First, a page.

People have more questions than answers about the new Making Home Affordable  program. A reader, Laura, recently sent me an email looking for help since all she could find was general information.
Unfortunately, I’ve found that many of the details aren’t on the general MakingHomesAffordable.gov  site. Instead they are buried in supplemental directives written for the lenders. Luckily, they are all available to us, so we can get the additional information we need.
Here are some of Laura’s questions about the loan modification. I’m sure that many of you considering the loan modification have some similar questions.
Loan Modification Q & A
We have about $10,000 in savings. Are we expected to use up all our savings before we will be considered for a loan modification?
Not necessarily. The loan modification program allows you to exclude an emergency fund, which they define as equal to three times your monthly debt payments. So if the $10,000 is your only cash reserves, then they will not require you to use it first.
We own two vehicles outright that are valued at around $10,000. Do we need to sell those before we apply?
Cash reserves are defined as cash, savings, money market funds, marketable stocks and bonds. Their is no mention of having to sell your vehicles before qualifying for a loan modification.
We have about $25,000 in retirement accounts. Do we need to raid those first before we can get a modification?
Retirement accounts are excluded from the calculation of cash reserves, so they will not expect you to use any retirement money before getting a loan modification.
I remember you had a post about you and your husband possibly applying for a loan modification (Would You Take a Loan Modification? ).
But I would imagine that you are not having trouble paying your mortgage since you and your husband seem to be really smart with your finances. What would you write in your financial hardship letter? And do you know if it makes a difference that you leaving your past job was voluntary?
Thanks for the compliment. You are correct, we are not having trouble paying our mortgage. However, one of the hardship choices is a reduction or loss of income that was supporting the mortgage. It does not specify the cause of the lost income. I would reference that hardship reason, and be honest about the circumstances.
When I spoke to some of the servicers, it did not seem to matter that me leaving my job was voluntary (I can see light bulbs going on in people’s heads reading this!) However, three months after I left my job, the position was eliminated, so I would be sure to include that.
I’ll be writing more about our adventures with a possible loan modification in the future…. so stay tuned!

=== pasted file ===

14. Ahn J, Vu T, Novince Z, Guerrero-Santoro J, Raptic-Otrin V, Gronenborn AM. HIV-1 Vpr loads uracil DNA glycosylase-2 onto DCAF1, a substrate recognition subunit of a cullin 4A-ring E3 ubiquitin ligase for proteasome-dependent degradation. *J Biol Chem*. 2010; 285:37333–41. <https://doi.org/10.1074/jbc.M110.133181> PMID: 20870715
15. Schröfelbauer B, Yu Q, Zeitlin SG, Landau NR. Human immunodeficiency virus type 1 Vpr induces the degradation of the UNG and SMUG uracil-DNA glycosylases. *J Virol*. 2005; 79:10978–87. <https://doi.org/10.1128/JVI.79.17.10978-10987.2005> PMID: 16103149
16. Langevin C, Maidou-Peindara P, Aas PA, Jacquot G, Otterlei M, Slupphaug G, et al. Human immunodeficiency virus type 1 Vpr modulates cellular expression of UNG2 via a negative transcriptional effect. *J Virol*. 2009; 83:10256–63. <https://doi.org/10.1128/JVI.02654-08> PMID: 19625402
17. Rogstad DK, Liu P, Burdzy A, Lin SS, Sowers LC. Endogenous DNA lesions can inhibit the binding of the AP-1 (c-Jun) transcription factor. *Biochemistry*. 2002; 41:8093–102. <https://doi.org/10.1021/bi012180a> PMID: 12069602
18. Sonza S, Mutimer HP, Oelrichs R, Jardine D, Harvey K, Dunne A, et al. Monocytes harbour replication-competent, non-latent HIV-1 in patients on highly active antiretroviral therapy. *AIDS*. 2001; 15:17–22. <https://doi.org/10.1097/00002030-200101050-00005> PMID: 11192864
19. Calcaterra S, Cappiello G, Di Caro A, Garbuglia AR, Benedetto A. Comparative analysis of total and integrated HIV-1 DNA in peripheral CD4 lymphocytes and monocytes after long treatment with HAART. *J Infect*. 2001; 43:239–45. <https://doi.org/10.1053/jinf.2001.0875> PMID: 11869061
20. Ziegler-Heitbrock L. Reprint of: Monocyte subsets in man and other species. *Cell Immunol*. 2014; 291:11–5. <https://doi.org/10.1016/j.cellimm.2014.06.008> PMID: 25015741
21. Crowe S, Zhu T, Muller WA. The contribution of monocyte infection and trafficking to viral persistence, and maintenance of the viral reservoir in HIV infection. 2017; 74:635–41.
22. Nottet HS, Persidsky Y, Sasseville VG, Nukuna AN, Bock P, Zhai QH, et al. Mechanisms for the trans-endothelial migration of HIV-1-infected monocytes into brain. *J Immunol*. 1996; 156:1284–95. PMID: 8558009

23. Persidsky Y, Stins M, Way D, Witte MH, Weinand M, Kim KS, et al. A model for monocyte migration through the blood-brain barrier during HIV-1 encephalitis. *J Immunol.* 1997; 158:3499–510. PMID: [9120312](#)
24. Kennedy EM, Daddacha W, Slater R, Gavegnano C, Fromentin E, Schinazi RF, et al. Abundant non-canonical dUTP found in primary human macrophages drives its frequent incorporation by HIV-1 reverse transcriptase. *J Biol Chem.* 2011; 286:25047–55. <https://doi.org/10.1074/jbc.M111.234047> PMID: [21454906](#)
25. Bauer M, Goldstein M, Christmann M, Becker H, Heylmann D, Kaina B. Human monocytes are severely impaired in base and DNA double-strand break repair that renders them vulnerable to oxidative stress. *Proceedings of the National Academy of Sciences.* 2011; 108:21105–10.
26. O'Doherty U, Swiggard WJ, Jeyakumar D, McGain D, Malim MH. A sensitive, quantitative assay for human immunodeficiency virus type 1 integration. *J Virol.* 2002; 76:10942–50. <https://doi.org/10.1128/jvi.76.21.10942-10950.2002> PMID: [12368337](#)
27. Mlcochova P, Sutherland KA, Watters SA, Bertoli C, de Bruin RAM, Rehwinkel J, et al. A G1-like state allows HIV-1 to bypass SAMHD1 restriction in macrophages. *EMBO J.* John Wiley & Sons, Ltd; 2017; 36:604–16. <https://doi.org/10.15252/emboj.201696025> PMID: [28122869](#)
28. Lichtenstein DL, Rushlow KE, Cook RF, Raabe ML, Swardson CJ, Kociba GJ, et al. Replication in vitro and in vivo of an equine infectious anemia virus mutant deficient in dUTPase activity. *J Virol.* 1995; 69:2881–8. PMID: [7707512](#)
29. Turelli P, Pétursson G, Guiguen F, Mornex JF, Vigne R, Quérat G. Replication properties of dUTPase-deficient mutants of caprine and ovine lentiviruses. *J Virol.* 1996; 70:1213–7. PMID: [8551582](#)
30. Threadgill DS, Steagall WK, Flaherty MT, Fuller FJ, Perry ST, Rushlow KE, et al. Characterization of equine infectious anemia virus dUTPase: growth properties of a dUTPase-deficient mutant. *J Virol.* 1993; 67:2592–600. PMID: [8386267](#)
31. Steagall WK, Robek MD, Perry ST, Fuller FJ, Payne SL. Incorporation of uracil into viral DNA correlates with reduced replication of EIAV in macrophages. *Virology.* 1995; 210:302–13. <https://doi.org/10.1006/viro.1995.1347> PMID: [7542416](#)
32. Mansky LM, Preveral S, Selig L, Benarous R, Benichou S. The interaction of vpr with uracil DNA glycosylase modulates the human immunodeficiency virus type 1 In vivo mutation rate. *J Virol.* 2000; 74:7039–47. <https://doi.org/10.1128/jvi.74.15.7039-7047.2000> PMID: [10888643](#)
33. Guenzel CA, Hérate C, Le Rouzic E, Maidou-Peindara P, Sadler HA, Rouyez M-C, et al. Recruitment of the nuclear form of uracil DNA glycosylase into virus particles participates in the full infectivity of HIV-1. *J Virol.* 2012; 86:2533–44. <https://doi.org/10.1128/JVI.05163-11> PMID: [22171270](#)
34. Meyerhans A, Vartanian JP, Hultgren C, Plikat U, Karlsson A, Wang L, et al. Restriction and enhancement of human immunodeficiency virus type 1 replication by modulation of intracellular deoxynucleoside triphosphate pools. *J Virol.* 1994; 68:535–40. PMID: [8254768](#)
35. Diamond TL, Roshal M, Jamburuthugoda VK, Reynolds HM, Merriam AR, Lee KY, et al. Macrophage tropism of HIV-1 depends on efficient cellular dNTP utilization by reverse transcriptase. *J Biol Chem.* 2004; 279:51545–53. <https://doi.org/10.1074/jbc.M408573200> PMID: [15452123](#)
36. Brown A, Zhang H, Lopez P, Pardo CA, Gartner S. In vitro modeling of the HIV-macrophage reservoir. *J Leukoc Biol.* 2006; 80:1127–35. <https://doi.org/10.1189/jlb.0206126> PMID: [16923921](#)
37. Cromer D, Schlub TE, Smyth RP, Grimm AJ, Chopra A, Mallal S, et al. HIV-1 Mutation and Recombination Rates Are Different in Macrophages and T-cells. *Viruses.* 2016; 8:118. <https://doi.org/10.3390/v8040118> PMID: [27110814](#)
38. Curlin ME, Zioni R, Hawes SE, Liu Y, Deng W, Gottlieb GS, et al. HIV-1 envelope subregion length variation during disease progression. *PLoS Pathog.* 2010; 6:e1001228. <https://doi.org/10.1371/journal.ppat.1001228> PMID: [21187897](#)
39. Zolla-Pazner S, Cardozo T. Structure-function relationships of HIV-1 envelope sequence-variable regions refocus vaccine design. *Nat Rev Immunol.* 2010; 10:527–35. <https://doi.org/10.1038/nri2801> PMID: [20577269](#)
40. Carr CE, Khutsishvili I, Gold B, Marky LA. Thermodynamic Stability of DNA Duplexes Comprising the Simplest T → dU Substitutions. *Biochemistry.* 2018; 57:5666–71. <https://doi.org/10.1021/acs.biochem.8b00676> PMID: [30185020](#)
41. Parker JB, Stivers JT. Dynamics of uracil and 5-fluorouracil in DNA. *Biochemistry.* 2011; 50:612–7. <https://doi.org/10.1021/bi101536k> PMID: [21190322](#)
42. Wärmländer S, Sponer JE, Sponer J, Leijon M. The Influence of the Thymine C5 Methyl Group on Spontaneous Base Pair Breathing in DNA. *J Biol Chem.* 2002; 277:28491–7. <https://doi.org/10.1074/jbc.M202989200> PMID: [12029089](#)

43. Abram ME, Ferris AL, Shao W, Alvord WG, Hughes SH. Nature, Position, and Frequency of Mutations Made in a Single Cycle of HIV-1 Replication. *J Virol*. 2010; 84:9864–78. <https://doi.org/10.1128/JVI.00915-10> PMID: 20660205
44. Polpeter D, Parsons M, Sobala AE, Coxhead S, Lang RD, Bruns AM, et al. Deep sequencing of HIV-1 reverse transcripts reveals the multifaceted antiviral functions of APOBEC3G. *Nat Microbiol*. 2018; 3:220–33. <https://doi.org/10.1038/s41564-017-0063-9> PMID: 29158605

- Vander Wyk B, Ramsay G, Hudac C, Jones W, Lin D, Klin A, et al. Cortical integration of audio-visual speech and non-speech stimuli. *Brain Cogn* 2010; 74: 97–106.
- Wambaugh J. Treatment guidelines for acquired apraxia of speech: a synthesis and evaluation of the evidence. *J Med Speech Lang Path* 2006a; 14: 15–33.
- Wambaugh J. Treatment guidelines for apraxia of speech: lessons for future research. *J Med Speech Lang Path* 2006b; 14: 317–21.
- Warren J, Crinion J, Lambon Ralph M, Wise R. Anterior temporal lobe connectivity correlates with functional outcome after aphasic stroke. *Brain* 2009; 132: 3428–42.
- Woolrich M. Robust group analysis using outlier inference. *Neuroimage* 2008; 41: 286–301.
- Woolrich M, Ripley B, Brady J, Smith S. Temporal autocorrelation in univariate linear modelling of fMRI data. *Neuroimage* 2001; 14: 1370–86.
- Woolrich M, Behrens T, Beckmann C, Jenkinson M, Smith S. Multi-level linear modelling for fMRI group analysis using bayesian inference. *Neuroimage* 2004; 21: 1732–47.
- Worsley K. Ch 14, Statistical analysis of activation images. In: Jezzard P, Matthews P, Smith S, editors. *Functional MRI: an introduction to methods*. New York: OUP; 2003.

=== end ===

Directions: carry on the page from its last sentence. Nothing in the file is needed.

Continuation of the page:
I am hoping to modify my mortgage because it currently takes up 51% of our gross income. We definitely qualify for a modification according to the numbers, but, we haven’t suffered any life changing event such as a job loss, loss of work hours, or sickness.
The hardship criteria is based on “are you having trouble paying your mortgage?” not necessarily a life event.
Here are all the types of hardship from the supplemental directive. You’ll notice that only the first four reasons reference a change of events. Options 5 and 6 reference a shortage of money, but no “life event” so there appears to be a lot of room in the hardship definition.
Every borrower and co-borrower seeking a modification, whether in default or not, must sign a Hardship Affidavit that attests to and describes one or more of the following types of hardship:
- A reduction in or loss of income that was supporting the mortgage.
- A change in household financial circumstances.
- A recent or upcoming increase in the monthly mortgage payment.
- An increase in other expenses.
- A lack of sufficient cash reserves to maintain payment on the mortgage and cover basic living expenses at the same time. Cash reserves include assets such as cash, savings, money market funds, marketable stocks or bonds (excluding retirement accounts and assets that serve as emergency fund – generally equal to three times the
borrower’s monthly debt payments).
- Excessive monthly debt payments and overextension with creditors, e.g., the borrower was required to use credit cards, a home equity loan, or other credit to make the mortgage payment.
- Other reasons for hardship detailed by the borrower.
Making Home Affordable Lender Information
Want to find out all the other details about Making Home Affordable? Check out the materials and website that are targeted to the lenders: